State Treasurer weighs in on proposed $68m purchase
WILMINGTON, N.C. (WECT) - The City of Wilmington has spent millions of dollars in the past year acquiring property around town, now, City Council has its sights set on the tallest building in the skyline.
The City of Wilmington is considering purchasing the Thermo Fisher building in Downtown Wilmington for $68 million. The purchase consideration would be to consolidate city offices under one roof, instead of the eight that city employees currently use.
It’s an expensive endeavor and would require the approval of the Local Government Commission before it could happen. State Treasurer Dale Folwell is also the chair of the LGC and he’s been critical of major purchases and plans in the county in the past. He said it’s not his job to determine if the city needs the building — that’s up for city officials to decide — but also weighed in on the acquisition of properties over the past several years.
“I believe as the state treasurer and keeper of the public purse and chair of the Local Government Commission that all cities and counties should be squarely focused on the essential services that they’re supposed to be offering, not being in the real estate, investment banking business,” Folwell said.
Wilmington Mayor Bill Saffo said the proposal comes after a needs study suggested it would cost more than $90 million to renovate current city property — buying the Thermo Fisher building would cost less and make sense fiscally if that is the case.
With the purchase of the United Bank building, the Salvation Army property along with the long-held property at 305 Chestnut Street Folwell said when government gets into real estate it takes away the opportunity for private businesses.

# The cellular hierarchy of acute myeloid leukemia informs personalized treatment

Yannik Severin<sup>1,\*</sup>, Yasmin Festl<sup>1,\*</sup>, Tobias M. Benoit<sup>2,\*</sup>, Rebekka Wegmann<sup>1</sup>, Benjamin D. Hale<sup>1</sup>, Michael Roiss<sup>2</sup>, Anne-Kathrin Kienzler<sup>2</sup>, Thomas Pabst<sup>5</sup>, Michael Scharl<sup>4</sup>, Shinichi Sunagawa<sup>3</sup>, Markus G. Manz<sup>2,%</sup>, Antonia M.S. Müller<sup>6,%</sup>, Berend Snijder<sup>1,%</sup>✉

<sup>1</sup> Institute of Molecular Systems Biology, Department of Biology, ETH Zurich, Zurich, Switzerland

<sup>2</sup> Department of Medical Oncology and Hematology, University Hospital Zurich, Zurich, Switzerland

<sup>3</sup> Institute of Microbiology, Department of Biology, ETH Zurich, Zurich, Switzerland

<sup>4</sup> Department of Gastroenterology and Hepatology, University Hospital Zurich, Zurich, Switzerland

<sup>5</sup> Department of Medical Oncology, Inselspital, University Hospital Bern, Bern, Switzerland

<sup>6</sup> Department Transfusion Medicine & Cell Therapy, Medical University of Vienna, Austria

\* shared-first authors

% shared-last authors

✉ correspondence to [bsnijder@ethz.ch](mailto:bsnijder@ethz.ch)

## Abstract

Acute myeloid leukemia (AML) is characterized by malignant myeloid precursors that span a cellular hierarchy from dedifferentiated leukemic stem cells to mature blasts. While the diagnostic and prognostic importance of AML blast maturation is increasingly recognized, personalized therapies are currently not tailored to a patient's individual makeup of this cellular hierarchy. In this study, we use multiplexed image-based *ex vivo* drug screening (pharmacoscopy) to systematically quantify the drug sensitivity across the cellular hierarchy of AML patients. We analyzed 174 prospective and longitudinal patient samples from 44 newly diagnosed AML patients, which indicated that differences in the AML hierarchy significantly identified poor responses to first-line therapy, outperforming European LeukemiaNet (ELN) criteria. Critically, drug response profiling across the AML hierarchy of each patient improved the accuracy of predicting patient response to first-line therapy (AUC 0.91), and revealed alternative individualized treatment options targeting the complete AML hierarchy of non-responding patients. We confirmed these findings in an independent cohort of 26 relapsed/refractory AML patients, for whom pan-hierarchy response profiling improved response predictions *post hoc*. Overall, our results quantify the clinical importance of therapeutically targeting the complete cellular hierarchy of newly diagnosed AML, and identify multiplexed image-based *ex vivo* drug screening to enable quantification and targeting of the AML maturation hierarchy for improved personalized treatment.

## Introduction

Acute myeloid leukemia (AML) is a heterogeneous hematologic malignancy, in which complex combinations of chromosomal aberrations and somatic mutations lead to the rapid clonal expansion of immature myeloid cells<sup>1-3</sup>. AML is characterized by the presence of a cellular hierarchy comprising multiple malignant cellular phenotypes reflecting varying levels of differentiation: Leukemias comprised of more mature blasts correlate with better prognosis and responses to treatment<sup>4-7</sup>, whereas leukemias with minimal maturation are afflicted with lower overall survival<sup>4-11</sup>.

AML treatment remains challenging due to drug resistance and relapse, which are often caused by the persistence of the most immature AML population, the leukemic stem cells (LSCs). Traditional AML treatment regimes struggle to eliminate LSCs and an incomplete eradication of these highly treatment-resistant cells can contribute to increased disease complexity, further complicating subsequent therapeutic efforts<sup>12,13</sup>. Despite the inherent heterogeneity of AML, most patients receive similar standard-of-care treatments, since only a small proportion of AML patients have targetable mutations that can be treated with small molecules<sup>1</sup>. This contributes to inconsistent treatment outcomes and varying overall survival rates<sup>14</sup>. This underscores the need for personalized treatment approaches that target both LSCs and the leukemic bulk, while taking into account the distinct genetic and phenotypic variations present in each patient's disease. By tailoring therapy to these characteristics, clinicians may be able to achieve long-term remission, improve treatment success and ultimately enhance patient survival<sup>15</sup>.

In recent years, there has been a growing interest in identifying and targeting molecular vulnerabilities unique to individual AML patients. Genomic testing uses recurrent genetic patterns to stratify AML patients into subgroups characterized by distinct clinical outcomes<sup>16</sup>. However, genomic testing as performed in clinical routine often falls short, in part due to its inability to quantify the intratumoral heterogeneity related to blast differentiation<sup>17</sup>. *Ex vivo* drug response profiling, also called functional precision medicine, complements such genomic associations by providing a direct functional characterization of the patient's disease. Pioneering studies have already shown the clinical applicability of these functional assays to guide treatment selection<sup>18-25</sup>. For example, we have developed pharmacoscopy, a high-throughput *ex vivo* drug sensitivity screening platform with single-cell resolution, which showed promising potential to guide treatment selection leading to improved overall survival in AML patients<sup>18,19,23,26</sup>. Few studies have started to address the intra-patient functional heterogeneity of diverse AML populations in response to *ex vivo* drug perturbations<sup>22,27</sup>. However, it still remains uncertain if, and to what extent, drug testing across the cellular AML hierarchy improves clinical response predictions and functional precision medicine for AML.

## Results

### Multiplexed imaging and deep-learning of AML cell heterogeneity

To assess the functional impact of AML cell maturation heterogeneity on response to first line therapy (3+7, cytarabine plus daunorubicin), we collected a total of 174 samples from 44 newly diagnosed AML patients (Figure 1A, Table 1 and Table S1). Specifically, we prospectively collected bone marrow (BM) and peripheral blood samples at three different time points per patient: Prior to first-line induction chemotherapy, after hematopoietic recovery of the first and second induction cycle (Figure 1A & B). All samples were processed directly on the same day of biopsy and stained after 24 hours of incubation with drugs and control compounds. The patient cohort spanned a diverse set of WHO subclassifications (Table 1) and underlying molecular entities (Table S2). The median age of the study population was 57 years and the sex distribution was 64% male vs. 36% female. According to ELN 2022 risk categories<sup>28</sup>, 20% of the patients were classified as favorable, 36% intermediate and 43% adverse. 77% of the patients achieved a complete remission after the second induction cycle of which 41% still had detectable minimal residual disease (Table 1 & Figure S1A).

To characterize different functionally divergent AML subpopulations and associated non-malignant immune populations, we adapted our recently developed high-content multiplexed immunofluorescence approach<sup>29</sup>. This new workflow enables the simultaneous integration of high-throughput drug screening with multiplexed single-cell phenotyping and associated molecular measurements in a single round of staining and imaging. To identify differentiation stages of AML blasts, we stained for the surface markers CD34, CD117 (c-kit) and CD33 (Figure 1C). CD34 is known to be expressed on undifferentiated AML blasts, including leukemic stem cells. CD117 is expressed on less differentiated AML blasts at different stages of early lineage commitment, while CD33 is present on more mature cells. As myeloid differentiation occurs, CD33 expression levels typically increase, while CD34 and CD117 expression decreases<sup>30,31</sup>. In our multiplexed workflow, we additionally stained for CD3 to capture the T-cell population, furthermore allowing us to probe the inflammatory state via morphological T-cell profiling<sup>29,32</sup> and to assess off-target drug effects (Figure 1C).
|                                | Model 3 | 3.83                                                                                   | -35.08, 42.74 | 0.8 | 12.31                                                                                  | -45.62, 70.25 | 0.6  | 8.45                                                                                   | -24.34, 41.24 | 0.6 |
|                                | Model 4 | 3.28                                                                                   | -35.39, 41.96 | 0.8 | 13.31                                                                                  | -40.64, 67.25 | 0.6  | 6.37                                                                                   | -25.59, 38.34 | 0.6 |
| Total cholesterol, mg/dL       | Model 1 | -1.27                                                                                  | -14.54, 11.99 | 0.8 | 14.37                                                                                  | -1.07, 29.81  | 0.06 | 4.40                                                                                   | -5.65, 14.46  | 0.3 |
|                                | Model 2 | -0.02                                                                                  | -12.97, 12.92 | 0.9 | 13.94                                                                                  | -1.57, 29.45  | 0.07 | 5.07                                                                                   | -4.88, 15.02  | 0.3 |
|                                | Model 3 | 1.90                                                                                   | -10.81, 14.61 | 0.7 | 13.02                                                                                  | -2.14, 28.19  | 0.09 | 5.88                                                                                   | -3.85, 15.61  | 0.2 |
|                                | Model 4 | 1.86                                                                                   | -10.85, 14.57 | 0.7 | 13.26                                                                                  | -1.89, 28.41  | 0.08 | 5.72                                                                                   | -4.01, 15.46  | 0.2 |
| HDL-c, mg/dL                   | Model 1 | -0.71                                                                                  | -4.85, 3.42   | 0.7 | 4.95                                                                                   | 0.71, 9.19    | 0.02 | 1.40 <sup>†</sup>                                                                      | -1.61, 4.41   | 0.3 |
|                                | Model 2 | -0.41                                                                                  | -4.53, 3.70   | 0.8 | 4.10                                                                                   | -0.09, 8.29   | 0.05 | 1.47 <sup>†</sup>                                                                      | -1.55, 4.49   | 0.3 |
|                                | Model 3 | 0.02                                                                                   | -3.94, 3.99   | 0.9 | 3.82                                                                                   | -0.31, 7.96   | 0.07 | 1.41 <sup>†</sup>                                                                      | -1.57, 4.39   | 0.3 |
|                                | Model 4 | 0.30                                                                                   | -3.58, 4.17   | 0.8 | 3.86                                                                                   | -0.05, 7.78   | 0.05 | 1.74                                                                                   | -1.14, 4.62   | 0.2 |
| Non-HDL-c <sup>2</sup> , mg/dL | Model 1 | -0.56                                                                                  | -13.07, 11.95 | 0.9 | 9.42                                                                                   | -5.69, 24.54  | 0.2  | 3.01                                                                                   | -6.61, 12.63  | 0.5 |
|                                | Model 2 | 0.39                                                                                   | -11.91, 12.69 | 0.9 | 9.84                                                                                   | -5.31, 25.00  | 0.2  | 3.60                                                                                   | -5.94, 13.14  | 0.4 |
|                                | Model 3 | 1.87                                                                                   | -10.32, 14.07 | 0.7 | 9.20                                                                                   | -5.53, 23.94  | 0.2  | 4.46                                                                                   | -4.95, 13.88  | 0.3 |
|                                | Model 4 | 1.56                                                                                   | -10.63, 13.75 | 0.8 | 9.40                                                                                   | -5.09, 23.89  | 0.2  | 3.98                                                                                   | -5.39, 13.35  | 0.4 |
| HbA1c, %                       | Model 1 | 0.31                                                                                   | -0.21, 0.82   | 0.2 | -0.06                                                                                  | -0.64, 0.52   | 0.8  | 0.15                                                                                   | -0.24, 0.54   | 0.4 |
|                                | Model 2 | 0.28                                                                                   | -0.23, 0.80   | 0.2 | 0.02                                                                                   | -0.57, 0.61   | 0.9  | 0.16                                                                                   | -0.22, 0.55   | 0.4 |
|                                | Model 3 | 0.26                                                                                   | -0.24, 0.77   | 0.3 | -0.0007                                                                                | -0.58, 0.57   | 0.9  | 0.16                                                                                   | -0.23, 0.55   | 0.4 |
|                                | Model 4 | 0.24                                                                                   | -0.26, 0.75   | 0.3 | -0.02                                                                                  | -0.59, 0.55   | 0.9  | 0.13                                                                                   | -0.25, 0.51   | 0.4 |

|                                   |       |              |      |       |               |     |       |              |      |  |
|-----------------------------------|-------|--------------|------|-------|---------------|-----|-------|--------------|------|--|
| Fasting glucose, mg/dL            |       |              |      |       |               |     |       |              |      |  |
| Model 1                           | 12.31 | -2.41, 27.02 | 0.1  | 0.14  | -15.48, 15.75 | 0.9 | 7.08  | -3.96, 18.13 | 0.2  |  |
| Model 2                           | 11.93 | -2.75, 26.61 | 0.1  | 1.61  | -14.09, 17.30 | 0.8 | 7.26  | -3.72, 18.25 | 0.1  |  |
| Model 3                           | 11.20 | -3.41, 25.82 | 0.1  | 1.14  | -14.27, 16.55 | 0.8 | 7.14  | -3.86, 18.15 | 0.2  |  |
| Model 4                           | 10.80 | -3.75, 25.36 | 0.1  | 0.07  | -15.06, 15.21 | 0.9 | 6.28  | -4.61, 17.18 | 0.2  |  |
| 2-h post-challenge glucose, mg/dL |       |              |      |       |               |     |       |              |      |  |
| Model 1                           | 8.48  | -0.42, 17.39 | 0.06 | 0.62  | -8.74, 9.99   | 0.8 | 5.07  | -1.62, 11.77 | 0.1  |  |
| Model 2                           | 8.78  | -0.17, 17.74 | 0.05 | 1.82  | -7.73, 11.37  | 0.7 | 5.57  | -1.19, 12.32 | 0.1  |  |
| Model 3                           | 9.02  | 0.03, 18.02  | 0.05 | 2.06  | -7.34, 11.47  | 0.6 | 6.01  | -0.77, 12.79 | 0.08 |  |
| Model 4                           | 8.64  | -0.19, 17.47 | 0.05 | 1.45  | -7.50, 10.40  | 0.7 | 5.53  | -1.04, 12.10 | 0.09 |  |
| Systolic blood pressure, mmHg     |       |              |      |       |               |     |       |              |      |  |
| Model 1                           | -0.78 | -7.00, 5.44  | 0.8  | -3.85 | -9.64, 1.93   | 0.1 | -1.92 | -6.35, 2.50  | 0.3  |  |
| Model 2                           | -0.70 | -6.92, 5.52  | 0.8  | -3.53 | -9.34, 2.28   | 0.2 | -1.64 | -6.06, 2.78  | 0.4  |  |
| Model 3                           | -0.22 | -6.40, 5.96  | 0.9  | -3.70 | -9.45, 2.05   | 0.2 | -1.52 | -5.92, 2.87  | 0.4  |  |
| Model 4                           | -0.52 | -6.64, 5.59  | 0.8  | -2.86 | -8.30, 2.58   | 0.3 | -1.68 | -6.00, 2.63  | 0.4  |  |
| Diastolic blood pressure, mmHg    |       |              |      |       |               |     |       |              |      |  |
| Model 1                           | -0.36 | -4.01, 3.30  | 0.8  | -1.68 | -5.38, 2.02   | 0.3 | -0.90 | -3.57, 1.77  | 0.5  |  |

“When you have cities and governmental entities that take over so much private commercial real estate, there’s less tax revenue, therefore, the cost of essential services has to be spread among fewer and fewer people and many of those fewer and fewer people are low in fixed income individuals,” Folwell said.
Saffo said if the city were to move forward with the purchase then the city’s other properties would then be put up for sale to help offset the cost of the purchase. It might be a requirement to sell those properties just to afford the purchase, but the city’s desire to have a say in what goes where Downtown has led to projects like River Place — where the city doesn’t sell the property, instead getting into a public-private partnership.
Folwell hasn’t looked into the proposal in-depth as it was only announced on Thursday but said with the track record of deals he’s seen in the region, he hopes things happen in a transparent manner.
“Given what’s happened in New Hanover, county and Wilmington over the last several years, this transaction needs to have the highest levels of transparency. And people need to be able to challenge assumptions without there being political or financial retribution toward them,” he said.
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